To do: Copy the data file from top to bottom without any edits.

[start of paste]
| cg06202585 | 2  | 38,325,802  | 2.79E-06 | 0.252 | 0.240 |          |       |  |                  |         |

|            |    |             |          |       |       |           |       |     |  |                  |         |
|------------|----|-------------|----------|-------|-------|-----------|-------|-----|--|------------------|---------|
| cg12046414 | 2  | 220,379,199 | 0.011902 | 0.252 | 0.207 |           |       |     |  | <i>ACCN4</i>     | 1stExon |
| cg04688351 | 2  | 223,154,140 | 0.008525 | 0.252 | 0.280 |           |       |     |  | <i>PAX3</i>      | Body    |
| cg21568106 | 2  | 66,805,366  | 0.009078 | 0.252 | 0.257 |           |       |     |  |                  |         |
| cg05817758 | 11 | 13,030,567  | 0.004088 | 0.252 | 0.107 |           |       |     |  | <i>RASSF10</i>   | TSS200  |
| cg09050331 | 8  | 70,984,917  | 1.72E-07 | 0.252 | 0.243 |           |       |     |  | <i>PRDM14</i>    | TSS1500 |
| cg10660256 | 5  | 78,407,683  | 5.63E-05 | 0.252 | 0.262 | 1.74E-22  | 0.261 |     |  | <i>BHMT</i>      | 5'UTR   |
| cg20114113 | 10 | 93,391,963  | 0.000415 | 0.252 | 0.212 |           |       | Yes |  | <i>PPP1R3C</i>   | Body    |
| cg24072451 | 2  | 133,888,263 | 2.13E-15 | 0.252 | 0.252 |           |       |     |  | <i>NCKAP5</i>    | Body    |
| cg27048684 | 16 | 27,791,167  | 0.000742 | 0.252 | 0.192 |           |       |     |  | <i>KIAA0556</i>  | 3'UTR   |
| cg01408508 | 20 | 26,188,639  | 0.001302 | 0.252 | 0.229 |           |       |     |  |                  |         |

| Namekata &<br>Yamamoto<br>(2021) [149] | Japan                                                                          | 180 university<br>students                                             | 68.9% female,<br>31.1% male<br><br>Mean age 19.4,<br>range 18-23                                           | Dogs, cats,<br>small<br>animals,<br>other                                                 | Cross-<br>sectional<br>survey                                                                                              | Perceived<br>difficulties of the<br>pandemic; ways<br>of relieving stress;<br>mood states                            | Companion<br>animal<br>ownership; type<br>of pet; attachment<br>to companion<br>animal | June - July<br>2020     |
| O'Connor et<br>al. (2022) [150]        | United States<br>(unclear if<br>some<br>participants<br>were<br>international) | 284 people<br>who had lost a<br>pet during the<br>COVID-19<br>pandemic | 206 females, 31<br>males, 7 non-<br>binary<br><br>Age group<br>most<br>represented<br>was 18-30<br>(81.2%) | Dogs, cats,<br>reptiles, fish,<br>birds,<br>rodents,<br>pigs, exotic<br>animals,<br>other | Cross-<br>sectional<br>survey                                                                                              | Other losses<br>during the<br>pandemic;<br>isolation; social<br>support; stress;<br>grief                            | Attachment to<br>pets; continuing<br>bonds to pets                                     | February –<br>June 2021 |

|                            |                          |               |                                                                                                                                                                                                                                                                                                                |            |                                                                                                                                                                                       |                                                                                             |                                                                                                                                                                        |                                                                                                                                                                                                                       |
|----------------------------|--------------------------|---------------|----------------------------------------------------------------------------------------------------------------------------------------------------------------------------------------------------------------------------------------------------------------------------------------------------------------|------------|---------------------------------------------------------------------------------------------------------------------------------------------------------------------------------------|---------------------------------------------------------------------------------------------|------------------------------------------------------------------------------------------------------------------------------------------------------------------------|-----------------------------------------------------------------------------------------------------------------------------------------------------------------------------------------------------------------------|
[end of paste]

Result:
| cg06202585 | 2  | 38,325,802  | 2.79E-06 | 0.252 | 0.240 |          |       |  |                  |         |

|            |    |             |          |       |       |           |       |     |  |                  |         |
|------------|----|-------------|----------|-------|-------|-----------|-------|-----|--|------------------|---------|
| cg12046414 | 2  | 220,379,199 | 0.011902 | 0.252 | 0.207 |           |       |     |  | <i>ACCN4</i>     | 1stExon |
| cg04688351 | 2  | 223,154,140 | 0.008525 | 0.252 | 0.280 |           |       |     |  | <i>PAX3</i>      | Body    |
| cg21568106 | 2  | 66,805,366  | 0.009078 | 0.252 | 0.257 |           |       |     |  |                  |         |
| cg05817758 | 11 | 13,030,567  | 0.004088 | 0.252 | 0.107 |           |       |     |  | <i>RASSF10</i>   | TSS200  |
| cg09050331 | 8  | 70,984,917  | 1.72E-07 | 0.252 | 0.243 |           |       |     |  | <i>PRDM14</i>    | TSS1500 |
| cg10660256 | 5  | 78,407,683  | 5.63E-05 | 0.252 | 0.262 | 1.74E-22  | 0.261 |     |  | <i>BHMT</i>      | 5'UTR   |
| cg20114113 | 10 | 93,391,963  | 0.000415 | 0.252 | 0.212 |           |       | Yes |  | <i>PPP1R3C</i>   | Body    |
| cg24072451 | 2  | 133,888,263 | 2.13E-15 | 0.252 | 0.252 |           |       |     |  | <i>NCKAP5</i>    | Body    |
| cg27048684 | 16 | 27,791,167  | 0.000742 | 0.252 | 0.192 |           |       |     |  | <i>KIAA0556</i>  | 3'UTR   |
| cg01408508 | 20 | 26,188,639  | 0.001302 | 0.252 | 0.229 |           |       |     |  |                  |         |

| Namekata &<br>Yamamoto<br>(2021) [149] | Japan                                                                          | 180 university<br>students                                             | 68.9% female,<br>31.1% male<br><br>Mean age 19.4,<br>range 18-23                                           | Dogs, cats,<br>small<br>animals,<br>other                                                 | Cross-<br>sectional<br>survey                                                                                              | Perceived<br>difficulties of the<br>pandemic; ways<br>of relieving stress;<br>mood states                            | Companion<br>animal<br>ownership; type<br>of pet; attachment<br>to companion<br>animal | June - July<br>2020     |
| O'Connor et<br>al. (2022) [150]        | United States<br>(unclear if<br>some<br>participants<br>were<br>international) | 284 people<br>who had lost a<br>pet during the<br>COVID-19<br>pandemic | 206 females, 31<br>males, 7 non-<br>binary<br><br>Age group<br>most<br>represented<br>was 18-30<br>(81.2%) | Dogs, cats,<br>reptiles, fish,<br>birds,<br>rodents,<br>pigs, exotic<br>animals,<br>other | Cross-<br>sectional<br>survey                                                                                              | Other losses<br>during the<br>pandemic;<br>isolation; social<br>support; stress;<br>grief                            | Attachment to<br>pets; continuing<br>bonds to pets                                     | February –<br>June 2021 |

|                            |                          |               |                                                                                                                                                                                                                                                                                                                |            |                                                                                                                                                                                       |                                                                                             |                                                                                                                                                                        |                                                                                                                                                                                                                       |
|----------------------------|--------------------------|---------------|----------------------------------------------------------------------------------------------------------------------------------------------------------------------------------------------------------------------------------------------------------------------------------------------------------------|------------|---------------------------------------------------------------------------------------------------------------------------------------------------------------------------------------|---------------------------------------------------------------------------------------------|------------------------------------------------------------------------------------------------------------------------------------------------------------------------|-----------------------------------------------------------------------------------------------------------------------------------------------------------------------------------------------------------------------|